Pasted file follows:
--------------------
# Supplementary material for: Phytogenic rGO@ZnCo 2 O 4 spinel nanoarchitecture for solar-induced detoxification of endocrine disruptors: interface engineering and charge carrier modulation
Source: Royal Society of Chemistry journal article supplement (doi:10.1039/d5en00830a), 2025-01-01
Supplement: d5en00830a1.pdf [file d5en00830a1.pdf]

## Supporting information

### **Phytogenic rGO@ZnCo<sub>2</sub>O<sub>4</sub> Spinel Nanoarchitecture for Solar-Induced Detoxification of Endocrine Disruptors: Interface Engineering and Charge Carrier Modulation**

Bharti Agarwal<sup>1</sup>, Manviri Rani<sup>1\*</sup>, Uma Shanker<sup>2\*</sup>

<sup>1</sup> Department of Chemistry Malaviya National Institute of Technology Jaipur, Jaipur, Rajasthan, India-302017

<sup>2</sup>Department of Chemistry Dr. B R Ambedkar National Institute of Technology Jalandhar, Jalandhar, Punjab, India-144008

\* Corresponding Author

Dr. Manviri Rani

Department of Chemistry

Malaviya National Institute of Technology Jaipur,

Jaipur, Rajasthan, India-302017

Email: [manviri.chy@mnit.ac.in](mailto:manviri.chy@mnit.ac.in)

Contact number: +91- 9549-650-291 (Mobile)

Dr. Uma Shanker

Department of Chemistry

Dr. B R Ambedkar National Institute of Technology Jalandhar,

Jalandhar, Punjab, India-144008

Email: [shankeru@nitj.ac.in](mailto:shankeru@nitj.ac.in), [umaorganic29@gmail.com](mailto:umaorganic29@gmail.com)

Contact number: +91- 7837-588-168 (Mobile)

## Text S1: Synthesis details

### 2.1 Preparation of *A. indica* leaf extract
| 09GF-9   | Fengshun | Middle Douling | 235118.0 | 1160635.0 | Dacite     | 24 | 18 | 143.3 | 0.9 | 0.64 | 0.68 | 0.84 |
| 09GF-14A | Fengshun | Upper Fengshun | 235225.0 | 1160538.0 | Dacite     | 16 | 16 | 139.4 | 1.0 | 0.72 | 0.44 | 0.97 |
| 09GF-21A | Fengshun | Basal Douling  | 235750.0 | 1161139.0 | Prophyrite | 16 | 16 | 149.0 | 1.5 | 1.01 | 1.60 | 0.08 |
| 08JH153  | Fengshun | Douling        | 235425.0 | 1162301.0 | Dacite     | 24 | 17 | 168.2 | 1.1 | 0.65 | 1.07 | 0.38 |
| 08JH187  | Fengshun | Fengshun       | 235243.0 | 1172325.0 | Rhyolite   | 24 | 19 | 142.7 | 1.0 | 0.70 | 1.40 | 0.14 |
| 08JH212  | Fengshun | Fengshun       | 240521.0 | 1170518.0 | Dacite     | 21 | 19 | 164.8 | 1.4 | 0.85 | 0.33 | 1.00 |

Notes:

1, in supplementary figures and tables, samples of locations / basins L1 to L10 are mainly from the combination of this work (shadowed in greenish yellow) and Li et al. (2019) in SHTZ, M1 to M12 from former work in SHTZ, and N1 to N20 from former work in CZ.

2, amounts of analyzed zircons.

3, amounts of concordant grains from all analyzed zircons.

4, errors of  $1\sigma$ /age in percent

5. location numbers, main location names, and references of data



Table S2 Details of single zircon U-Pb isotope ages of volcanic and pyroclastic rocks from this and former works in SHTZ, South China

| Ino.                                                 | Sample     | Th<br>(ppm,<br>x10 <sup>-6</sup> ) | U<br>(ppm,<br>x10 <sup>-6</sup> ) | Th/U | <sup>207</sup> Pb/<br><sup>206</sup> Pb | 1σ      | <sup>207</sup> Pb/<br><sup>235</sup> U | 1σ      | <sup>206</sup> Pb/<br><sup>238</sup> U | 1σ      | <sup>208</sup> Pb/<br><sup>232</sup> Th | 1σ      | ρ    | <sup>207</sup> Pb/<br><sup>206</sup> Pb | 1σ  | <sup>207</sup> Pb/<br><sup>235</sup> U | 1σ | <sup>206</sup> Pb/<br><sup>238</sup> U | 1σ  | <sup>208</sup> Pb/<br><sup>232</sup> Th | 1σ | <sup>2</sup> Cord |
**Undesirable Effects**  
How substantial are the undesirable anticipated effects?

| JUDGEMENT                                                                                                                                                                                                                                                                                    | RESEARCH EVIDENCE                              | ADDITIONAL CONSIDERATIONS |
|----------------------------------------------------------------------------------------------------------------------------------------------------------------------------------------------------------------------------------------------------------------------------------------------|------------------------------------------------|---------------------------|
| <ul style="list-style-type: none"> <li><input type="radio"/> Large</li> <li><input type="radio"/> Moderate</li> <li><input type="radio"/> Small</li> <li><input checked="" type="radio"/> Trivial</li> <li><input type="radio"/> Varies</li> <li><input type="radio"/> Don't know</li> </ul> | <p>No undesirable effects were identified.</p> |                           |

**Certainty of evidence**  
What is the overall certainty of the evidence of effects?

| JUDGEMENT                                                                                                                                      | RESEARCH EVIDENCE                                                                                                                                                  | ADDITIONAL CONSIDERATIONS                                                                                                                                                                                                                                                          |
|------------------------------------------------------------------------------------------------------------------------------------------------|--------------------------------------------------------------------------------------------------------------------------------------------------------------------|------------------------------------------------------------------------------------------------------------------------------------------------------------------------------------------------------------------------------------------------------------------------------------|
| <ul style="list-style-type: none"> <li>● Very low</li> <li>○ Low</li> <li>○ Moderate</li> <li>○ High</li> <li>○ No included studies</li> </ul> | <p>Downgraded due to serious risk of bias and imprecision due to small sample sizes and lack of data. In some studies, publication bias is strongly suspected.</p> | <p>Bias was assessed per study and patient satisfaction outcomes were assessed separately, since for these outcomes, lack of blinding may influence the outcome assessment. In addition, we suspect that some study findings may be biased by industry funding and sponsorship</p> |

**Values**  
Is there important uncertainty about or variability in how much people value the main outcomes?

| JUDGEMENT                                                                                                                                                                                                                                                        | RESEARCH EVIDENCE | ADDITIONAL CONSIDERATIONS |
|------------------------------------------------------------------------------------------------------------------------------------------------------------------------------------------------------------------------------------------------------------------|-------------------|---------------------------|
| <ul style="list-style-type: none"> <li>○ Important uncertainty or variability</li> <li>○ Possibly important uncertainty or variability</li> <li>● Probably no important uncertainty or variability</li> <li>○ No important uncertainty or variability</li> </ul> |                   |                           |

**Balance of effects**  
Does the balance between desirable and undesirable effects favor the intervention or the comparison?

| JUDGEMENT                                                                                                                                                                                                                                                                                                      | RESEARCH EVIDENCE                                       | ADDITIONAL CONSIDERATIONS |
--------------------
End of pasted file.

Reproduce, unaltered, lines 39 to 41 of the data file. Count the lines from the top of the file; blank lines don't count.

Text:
How substantial are the undesirable anticipated effects?

| JUDGEMENT                                                                                                                                                                                                                                                                                    | RESEARCH EVIDENCE                              | ADDITIONAL CONSIDERATIONS |
|----------------------------------------------------------------------------------------------------------------------------------------------------------------------------------------------------------------------------------------------------------------------------------------------|------------------------------------------------|---------------------------|